In TV Interviews, Two Fed Officials Split on Need for Rate Cuts

Two Fed officials offered contradictory views on the monetary-policy outlook in television interviews Friday.

St. Louis Fed leader James Bullard again expressed support for lowering short-term rates in a CNBC interview Friday, but he also said the U.S. central bank could reverse that course of action depending on how the economy performs. Cleveland Fed leader Loretta Mester said that if the economy continues on its current path she would be unlikely to support a rate cut.

Both officials were interviewed on the sidelines of the Kansas City Fed's annual Jackson Hole, Wyo., research conference, where Fed Chairman Jerome Powell is to make a highly anticipated speech later Friday.

The discordant rhetoric continues a theme: Three Fed officials were interviewed Thursday on television, with two opposing rate cuts and one signaling openness toward easier rate policy.

Mr. Bullard, a voting member of the rate-setting Federal Open Market Committee, has long favored easier policy. With risks to the outlook tied to weak global growth, and inflation too low, there is still a good case for the central bank to lower rates right now, he said.

"You'd like to take out more insurance against the downside risks, and I'd like to take out more insurance against the downside risk," Mr. Bullard said. The central banker didn't quantify when or by how much he would like to see the Fed lower rates, after it moved its short-term target rate range down by a quarter percentage point in July.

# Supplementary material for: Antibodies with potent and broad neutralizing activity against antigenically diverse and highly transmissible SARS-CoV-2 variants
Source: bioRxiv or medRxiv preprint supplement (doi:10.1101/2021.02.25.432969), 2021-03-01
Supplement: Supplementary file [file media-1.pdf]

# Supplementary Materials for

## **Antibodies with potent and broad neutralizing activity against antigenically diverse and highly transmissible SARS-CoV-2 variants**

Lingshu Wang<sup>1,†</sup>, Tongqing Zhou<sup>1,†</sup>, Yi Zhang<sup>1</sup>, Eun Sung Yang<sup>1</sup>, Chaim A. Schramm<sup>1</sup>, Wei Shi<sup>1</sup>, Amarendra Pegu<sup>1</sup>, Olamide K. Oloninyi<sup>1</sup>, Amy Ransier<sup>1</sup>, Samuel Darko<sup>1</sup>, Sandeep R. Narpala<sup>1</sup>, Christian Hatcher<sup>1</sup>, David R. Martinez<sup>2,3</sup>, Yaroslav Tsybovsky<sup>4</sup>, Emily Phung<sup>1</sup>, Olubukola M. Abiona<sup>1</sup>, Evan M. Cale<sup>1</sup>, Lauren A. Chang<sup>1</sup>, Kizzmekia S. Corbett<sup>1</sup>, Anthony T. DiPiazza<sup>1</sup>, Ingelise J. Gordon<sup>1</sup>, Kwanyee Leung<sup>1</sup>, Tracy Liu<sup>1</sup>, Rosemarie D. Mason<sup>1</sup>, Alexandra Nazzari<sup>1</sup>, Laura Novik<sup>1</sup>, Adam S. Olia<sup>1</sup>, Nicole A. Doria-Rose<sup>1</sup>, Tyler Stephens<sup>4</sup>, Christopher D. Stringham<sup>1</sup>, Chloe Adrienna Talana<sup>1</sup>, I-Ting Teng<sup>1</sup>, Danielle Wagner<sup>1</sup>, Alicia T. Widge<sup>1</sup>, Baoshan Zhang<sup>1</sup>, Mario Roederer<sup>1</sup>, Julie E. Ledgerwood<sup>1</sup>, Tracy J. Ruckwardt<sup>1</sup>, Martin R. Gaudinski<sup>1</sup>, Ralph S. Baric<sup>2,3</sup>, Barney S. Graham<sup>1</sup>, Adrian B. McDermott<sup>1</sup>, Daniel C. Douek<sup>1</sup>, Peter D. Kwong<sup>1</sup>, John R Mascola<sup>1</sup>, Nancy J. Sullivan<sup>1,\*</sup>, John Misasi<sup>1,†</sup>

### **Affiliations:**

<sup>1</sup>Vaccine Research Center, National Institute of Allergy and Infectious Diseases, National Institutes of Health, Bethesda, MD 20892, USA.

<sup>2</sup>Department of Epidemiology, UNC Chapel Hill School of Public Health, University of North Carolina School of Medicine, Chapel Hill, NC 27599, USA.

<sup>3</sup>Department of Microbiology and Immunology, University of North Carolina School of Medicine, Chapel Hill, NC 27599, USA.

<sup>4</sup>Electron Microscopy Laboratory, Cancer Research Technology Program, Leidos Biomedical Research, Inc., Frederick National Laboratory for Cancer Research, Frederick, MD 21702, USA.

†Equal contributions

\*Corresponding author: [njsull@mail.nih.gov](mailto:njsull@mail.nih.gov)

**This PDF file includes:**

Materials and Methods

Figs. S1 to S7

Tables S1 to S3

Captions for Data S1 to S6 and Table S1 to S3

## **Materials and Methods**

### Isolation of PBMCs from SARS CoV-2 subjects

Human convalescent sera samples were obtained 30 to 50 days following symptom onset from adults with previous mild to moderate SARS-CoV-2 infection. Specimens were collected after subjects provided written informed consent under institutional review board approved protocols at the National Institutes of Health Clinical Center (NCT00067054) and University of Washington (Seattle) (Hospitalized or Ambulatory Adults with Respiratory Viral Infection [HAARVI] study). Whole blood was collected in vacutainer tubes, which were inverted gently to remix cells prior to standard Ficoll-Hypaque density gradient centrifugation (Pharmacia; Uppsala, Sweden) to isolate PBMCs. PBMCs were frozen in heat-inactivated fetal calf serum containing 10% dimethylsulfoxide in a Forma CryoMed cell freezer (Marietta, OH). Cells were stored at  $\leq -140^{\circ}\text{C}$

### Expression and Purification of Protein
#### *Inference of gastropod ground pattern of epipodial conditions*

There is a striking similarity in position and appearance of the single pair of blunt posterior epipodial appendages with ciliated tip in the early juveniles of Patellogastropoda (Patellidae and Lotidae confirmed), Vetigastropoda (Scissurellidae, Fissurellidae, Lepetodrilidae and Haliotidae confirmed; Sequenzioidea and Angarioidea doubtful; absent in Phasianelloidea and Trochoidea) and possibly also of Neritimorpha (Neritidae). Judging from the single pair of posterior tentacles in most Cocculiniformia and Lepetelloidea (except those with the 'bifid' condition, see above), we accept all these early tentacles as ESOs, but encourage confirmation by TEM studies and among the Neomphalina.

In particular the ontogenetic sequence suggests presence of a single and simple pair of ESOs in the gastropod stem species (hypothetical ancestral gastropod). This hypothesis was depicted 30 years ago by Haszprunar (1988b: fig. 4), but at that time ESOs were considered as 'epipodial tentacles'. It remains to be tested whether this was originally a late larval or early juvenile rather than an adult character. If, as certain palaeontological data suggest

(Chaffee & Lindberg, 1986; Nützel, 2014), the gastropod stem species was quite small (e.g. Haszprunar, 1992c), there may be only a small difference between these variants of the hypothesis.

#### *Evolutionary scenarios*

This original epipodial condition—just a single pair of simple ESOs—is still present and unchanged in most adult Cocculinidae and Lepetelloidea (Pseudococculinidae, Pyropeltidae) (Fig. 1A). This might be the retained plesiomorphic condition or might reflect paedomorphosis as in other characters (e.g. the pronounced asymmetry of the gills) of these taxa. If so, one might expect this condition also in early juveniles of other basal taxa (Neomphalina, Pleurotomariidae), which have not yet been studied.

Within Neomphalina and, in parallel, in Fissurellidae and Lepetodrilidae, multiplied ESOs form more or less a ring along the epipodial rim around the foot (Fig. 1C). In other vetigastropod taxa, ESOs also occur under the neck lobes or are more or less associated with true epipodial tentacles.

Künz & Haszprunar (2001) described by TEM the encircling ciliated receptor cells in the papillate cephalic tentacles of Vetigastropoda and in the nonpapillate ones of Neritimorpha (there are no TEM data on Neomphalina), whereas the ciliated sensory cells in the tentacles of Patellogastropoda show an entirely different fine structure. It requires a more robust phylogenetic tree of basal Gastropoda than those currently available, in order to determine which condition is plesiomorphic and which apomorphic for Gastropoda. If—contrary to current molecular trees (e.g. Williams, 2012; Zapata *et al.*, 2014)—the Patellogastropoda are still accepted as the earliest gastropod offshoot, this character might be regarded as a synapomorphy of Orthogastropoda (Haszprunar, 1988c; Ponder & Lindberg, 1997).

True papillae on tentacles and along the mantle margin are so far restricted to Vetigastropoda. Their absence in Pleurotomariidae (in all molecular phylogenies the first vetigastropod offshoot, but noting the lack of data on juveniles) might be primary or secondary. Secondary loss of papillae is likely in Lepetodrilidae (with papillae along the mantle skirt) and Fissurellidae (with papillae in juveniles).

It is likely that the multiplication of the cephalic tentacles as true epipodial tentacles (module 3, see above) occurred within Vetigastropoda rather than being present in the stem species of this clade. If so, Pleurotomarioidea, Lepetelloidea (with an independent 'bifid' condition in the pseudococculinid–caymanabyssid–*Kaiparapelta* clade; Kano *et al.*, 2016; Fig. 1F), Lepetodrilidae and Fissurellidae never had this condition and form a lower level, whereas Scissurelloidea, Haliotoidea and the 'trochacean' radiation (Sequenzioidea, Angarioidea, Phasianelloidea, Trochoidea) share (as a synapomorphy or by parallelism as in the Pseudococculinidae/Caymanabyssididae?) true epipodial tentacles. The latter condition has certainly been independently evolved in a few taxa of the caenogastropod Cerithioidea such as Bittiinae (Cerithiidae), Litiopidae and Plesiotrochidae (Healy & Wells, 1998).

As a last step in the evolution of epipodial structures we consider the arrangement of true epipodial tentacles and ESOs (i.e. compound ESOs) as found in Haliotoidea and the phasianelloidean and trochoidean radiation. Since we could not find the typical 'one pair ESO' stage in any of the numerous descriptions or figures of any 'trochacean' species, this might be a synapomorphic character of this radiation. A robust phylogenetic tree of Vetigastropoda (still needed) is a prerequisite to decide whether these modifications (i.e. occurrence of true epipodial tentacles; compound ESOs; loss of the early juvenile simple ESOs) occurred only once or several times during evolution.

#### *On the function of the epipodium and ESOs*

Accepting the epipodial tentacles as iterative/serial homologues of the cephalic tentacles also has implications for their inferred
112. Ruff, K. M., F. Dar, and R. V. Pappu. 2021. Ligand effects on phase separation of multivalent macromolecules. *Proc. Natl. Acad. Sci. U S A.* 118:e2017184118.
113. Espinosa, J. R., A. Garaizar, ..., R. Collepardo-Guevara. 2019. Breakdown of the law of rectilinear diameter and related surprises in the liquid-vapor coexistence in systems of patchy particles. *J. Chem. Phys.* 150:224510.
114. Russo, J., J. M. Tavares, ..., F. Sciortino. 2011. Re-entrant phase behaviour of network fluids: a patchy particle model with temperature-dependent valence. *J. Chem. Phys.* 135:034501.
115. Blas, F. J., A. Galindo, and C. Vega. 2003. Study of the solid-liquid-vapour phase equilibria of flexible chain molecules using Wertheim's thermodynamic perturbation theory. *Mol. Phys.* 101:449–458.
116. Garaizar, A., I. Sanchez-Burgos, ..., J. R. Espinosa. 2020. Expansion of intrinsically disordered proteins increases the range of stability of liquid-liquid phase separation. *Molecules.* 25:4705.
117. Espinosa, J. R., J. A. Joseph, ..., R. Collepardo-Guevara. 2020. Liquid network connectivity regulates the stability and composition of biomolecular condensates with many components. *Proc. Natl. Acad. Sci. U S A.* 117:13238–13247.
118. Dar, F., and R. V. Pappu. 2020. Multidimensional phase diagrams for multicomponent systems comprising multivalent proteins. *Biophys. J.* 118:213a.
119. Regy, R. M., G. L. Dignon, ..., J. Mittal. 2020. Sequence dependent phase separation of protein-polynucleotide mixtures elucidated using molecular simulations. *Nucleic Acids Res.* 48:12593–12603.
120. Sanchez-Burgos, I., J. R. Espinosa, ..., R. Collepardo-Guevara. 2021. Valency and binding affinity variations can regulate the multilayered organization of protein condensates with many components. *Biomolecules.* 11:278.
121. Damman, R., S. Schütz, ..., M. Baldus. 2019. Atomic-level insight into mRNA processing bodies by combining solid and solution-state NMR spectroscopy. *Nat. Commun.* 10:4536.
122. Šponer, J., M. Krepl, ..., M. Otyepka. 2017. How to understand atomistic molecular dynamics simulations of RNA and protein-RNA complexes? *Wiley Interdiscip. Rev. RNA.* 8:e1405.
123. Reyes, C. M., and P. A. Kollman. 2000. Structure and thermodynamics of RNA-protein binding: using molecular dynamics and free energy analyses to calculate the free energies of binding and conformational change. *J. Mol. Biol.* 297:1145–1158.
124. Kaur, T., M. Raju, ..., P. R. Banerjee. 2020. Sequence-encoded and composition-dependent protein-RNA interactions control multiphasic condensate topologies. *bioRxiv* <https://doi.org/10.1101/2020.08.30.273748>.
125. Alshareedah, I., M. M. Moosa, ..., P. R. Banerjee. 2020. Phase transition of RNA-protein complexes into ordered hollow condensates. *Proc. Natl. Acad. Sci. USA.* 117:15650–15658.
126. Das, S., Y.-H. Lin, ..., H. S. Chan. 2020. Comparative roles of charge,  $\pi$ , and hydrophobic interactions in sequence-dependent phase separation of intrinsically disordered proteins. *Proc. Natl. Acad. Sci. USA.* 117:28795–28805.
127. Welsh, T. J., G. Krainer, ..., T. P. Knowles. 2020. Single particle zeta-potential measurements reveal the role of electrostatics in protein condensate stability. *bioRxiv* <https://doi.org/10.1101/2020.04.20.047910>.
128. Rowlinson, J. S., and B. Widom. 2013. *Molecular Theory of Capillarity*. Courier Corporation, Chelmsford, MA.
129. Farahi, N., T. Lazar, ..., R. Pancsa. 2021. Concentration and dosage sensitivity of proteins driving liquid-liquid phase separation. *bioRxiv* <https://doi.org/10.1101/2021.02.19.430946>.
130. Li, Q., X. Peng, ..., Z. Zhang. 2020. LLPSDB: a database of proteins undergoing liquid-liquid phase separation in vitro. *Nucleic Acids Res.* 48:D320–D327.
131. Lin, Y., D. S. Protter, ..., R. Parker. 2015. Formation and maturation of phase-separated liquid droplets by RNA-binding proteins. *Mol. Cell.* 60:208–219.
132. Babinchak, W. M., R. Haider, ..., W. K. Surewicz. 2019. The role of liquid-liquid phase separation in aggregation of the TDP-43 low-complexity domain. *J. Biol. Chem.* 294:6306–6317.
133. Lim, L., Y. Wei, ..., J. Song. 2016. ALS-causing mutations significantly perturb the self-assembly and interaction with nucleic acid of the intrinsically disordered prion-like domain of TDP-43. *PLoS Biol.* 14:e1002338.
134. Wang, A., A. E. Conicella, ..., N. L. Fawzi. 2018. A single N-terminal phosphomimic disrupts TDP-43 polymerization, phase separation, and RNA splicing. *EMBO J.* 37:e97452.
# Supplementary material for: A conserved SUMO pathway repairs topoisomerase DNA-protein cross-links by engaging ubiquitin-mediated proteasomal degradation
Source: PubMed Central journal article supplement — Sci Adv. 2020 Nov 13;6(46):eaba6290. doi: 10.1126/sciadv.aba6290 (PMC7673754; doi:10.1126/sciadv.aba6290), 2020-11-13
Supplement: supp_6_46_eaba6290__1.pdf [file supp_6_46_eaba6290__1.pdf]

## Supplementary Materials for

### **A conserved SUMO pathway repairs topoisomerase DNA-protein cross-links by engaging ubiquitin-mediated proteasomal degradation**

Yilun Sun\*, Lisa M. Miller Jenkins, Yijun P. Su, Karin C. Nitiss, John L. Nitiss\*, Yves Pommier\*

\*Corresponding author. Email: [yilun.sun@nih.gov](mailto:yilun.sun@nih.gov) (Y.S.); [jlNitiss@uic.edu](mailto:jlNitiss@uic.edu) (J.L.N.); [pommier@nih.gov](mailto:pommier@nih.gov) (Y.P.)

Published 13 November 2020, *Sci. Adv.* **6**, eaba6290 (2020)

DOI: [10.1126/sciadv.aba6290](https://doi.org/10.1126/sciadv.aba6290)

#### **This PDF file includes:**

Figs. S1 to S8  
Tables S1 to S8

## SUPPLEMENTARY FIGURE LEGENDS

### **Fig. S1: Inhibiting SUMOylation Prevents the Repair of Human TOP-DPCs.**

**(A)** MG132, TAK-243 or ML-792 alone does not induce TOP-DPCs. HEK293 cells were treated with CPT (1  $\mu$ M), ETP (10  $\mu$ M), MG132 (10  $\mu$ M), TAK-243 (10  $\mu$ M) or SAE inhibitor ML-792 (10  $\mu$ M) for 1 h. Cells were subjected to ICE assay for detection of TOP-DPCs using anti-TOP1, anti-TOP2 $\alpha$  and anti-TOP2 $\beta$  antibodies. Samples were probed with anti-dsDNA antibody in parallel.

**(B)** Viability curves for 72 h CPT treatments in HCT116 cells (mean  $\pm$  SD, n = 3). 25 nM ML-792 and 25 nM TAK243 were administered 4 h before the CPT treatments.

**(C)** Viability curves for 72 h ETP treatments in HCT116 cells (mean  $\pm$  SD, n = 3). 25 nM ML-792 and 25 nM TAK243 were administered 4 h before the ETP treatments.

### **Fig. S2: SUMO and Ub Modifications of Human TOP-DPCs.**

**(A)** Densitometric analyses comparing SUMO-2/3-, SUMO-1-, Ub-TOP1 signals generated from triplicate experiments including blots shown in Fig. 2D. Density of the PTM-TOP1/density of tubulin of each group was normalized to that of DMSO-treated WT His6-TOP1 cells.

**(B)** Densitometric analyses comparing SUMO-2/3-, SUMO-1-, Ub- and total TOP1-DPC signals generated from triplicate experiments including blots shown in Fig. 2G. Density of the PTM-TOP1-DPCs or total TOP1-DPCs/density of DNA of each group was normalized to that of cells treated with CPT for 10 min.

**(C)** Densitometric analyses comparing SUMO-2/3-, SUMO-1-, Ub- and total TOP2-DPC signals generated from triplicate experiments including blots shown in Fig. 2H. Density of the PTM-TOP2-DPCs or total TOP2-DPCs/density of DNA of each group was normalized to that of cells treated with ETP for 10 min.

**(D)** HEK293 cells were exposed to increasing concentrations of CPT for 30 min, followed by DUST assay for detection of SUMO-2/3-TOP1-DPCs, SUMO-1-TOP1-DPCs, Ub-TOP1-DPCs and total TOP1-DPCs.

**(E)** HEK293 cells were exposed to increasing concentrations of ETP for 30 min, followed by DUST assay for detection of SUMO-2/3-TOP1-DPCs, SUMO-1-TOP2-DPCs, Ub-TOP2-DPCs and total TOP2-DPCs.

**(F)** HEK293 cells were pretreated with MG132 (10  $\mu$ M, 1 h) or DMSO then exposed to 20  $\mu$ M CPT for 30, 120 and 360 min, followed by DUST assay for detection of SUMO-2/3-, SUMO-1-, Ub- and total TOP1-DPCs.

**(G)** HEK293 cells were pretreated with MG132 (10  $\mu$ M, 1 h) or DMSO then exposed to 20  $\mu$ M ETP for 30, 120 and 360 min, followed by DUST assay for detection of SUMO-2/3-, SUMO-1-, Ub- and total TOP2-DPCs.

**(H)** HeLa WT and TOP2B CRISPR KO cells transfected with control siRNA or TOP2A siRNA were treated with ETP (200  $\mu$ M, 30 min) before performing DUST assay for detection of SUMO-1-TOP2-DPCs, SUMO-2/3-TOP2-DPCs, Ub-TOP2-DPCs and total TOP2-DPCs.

Ms. Mester, who isn't a voter, said she believed the July rate cut wasn't warranted based on how the U.S. economy has been performing. "At this point, if the economy continues where it is, I would probably say we should keep things where they are, but I am very attuned to the downside risks of this economy," the official said on CNBC.

But she also said she was "open-minded" and wanted to hear from her colleagues. "We are in a good spot, but we need to be very attuned to downside risks, and it could be we'll have to move policy at some point, " she said.

Financial markets broadly expect at least several more cuts from the Fed as the year progresses.

Mr. Bullard said the economy is doing generally pretty well even as inflation remains too low relative to the central bank's 2% target. The central banker also said that if the rate cuts prove unneeded, the central bank can reverse gears and boost rates again, explaining "you take out the insurance. If nothing happens, you take it back."

Write to Michael S. Derby at michael.derby@wsj.com

By Michael S. Derby

The Fed's second-in-command shrugged off heavy stock-market losses in a television interview Friday and affirmed his positive view on the economy, in comments that offered little guidance on what he would like to see with monetary policy over coming months.

"The economic outlook is favorable," Federal Reserve Vice Chairman Richard Clarida said on CNBC in an interview conducted on the sidelines of the Kansas City Fed's annual research conference in Jackson Hole, Wyo.

"The economy is in a good place, but there are some significant risks" tied mostly to slowing overseas growth, Mr. Clarida said.

When it comes to the future of monetary policy, Mr. Clarida said "we take our policy decisions one meeting at a time, but as we've indicated, we'll do what we need to to put in place the appropriate policies, and we will act as appropriate to keep the economy in a good place."

The official spoke in the wake of a speech earlier in the day by Fed Chairman Jerome Powell, which kept the door open to rate cuts without offering firm guidance about the central bank's monetary-policy plans.